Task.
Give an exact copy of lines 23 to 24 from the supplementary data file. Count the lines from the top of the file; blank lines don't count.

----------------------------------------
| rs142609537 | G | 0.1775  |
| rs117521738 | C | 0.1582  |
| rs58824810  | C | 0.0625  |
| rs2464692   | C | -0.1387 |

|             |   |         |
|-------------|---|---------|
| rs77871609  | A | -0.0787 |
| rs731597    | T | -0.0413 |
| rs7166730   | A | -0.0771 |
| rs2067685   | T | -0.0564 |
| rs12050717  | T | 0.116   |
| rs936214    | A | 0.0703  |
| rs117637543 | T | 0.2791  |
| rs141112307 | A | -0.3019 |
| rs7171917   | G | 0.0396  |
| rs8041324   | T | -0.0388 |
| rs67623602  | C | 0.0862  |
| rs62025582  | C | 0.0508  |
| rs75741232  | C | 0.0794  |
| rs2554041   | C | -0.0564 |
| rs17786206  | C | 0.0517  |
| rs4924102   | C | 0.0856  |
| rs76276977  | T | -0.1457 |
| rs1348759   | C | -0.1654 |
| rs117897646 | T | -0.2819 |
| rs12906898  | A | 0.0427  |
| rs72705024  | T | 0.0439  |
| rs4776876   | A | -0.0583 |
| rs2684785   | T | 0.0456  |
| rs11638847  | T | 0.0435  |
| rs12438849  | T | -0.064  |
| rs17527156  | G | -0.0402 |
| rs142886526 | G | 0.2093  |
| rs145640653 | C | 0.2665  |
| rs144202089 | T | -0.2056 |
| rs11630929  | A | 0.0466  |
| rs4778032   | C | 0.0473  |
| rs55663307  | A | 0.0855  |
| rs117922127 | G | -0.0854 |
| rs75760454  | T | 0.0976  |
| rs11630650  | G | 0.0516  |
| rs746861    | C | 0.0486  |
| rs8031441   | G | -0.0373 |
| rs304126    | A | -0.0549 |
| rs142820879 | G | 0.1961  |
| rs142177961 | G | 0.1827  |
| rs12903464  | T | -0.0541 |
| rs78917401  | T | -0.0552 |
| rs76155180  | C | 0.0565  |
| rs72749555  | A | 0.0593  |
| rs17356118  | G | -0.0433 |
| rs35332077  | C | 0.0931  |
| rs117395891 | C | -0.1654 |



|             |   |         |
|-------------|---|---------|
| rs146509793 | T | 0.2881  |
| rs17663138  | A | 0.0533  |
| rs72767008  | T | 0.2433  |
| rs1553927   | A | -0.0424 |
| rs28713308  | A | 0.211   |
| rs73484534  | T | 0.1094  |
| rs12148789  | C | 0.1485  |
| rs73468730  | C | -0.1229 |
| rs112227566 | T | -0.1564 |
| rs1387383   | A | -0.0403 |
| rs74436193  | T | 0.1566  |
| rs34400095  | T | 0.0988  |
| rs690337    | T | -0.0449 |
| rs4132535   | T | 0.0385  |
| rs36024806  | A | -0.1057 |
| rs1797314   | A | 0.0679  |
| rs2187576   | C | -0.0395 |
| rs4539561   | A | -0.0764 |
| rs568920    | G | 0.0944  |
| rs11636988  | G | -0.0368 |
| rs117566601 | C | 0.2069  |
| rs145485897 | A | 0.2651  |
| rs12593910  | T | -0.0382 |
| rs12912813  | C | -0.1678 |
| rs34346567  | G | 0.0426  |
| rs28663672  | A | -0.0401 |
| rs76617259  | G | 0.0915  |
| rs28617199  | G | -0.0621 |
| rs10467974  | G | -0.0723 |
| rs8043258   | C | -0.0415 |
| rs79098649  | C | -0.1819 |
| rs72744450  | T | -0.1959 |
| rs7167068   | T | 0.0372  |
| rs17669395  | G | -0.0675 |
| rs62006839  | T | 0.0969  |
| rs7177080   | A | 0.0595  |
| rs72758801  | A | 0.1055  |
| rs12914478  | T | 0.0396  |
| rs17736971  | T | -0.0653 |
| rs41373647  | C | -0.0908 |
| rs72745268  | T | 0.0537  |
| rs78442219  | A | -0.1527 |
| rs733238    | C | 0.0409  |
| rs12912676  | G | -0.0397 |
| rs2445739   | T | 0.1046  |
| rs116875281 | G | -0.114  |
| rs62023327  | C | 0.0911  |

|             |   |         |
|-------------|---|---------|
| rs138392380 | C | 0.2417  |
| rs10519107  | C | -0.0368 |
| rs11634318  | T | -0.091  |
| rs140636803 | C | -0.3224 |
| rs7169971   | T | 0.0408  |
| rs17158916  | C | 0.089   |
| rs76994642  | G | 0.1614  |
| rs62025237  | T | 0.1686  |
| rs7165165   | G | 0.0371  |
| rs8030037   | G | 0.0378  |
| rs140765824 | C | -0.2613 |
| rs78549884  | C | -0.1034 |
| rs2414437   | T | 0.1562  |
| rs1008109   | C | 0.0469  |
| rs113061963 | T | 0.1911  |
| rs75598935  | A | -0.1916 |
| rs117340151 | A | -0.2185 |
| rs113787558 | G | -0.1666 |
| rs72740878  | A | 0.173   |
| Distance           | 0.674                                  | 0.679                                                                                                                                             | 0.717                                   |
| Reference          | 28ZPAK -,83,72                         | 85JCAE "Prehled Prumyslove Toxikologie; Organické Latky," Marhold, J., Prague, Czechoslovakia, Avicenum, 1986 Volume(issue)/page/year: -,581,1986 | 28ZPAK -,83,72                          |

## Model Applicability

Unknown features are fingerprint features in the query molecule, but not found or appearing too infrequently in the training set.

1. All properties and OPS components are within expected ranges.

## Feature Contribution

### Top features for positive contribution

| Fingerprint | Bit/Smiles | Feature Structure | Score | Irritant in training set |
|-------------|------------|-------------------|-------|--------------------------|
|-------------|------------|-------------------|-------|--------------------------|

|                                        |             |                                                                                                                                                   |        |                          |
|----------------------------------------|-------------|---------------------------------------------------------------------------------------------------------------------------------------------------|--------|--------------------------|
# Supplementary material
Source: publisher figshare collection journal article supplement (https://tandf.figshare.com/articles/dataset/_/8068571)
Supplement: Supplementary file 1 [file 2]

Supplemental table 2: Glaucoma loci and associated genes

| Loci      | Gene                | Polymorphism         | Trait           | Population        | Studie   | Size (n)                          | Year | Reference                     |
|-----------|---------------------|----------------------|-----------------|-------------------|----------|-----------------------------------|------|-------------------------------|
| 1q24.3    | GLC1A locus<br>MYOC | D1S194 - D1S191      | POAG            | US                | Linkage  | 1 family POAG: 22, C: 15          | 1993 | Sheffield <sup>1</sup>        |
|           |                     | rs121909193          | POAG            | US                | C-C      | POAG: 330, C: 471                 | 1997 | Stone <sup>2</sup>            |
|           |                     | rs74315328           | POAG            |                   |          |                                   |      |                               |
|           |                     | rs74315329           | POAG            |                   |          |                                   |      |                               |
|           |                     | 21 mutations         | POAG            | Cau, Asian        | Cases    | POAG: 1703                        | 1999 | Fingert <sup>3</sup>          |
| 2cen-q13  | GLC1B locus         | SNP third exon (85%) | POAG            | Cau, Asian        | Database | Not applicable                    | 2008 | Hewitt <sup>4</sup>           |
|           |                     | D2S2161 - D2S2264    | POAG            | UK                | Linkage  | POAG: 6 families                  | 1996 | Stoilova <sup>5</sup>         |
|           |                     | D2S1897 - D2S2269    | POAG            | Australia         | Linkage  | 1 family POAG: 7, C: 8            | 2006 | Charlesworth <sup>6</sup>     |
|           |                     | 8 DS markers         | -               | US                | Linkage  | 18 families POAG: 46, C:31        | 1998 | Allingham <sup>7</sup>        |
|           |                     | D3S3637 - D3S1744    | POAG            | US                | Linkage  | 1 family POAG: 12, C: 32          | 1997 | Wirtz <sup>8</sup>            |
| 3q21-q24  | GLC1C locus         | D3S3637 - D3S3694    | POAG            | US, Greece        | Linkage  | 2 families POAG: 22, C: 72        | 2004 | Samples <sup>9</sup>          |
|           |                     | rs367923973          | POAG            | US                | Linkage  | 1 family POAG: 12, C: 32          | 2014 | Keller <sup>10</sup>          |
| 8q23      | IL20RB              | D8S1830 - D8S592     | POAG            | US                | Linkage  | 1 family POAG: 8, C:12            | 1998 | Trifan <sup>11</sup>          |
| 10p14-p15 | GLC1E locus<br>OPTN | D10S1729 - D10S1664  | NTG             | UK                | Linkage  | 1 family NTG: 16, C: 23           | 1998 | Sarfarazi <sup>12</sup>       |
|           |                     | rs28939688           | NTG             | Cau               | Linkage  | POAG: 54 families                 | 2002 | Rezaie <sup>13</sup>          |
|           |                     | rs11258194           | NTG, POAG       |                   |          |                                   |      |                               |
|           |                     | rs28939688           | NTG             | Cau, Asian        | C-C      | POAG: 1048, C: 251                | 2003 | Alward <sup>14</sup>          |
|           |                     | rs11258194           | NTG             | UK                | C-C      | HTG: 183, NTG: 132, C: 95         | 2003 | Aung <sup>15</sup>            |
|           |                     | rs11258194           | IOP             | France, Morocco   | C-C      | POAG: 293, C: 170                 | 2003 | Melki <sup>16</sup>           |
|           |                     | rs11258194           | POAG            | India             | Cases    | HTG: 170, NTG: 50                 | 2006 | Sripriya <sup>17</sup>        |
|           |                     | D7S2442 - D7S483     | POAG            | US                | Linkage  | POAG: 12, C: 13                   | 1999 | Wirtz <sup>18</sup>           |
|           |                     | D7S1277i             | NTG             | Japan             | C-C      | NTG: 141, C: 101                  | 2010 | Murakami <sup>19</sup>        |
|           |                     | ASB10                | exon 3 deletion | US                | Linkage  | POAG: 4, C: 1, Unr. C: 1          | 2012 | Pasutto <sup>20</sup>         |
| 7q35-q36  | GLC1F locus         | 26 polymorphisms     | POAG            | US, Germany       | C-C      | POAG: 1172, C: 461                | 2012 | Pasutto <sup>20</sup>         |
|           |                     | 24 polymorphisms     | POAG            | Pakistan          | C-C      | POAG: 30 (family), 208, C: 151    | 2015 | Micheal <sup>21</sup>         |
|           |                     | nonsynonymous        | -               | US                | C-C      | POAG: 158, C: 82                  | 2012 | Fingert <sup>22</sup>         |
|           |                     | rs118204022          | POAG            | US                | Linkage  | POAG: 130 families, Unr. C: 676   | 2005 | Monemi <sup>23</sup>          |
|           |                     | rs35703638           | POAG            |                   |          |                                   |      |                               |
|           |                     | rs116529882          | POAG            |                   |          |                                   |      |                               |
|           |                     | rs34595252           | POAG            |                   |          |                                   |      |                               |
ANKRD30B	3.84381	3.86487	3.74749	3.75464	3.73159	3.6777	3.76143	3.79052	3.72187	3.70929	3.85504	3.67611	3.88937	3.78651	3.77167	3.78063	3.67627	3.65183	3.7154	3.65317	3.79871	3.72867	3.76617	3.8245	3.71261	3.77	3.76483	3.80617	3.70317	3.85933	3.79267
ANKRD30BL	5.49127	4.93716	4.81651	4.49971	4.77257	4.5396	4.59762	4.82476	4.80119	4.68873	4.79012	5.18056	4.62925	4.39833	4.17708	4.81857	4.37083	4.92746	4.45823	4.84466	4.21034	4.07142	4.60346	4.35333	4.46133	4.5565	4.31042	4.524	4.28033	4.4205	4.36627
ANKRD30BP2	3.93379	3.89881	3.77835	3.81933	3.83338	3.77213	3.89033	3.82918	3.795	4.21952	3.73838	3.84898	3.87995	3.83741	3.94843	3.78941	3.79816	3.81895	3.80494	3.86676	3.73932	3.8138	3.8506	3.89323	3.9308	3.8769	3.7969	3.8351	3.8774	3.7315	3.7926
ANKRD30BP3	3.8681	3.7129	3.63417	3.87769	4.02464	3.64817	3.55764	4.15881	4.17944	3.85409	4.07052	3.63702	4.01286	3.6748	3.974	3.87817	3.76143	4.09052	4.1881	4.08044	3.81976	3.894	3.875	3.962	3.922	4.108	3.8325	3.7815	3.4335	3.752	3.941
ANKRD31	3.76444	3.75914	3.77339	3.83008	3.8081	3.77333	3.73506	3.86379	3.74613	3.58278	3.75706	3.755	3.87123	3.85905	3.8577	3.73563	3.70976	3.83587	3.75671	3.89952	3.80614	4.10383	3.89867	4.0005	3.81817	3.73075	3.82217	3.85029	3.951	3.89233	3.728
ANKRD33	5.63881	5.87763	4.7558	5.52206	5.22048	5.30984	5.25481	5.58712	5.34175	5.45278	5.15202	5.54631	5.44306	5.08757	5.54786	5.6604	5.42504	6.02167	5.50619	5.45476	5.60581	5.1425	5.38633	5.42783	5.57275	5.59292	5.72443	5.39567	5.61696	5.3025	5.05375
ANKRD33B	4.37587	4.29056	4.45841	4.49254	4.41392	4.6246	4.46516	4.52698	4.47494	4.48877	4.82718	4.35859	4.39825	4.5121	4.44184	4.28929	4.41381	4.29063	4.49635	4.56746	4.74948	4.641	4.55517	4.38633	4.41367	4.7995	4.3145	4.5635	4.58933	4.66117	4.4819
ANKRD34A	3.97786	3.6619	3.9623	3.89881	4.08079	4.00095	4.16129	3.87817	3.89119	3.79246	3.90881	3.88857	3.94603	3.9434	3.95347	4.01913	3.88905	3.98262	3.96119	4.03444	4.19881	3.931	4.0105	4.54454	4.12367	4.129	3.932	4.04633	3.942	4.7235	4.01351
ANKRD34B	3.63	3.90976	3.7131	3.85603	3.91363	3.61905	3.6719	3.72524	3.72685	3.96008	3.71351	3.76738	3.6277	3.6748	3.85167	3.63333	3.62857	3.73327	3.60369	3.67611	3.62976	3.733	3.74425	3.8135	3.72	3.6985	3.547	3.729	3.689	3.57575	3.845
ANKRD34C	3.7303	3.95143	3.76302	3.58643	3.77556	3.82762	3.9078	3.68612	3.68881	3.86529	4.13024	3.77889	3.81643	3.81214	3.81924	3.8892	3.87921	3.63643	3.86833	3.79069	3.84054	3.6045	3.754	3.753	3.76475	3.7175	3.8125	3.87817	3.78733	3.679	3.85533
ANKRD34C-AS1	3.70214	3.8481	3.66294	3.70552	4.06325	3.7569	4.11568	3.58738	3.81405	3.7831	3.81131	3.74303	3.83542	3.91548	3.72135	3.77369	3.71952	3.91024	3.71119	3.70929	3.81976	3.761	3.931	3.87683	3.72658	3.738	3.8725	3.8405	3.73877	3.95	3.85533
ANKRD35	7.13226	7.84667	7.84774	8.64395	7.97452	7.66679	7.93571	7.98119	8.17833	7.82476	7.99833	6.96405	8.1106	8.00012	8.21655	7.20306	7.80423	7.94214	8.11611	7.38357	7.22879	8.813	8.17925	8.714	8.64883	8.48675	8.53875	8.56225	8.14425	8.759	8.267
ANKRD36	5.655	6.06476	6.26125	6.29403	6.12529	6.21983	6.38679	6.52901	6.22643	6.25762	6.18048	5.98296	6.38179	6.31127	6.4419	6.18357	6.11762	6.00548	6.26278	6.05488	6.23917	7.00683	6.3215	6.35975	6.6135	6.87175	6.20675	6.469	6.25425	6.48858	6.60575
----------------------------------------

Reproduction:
| rs76276977  | T | -0.1457 |
| rs1348759   | C | -0.1654 |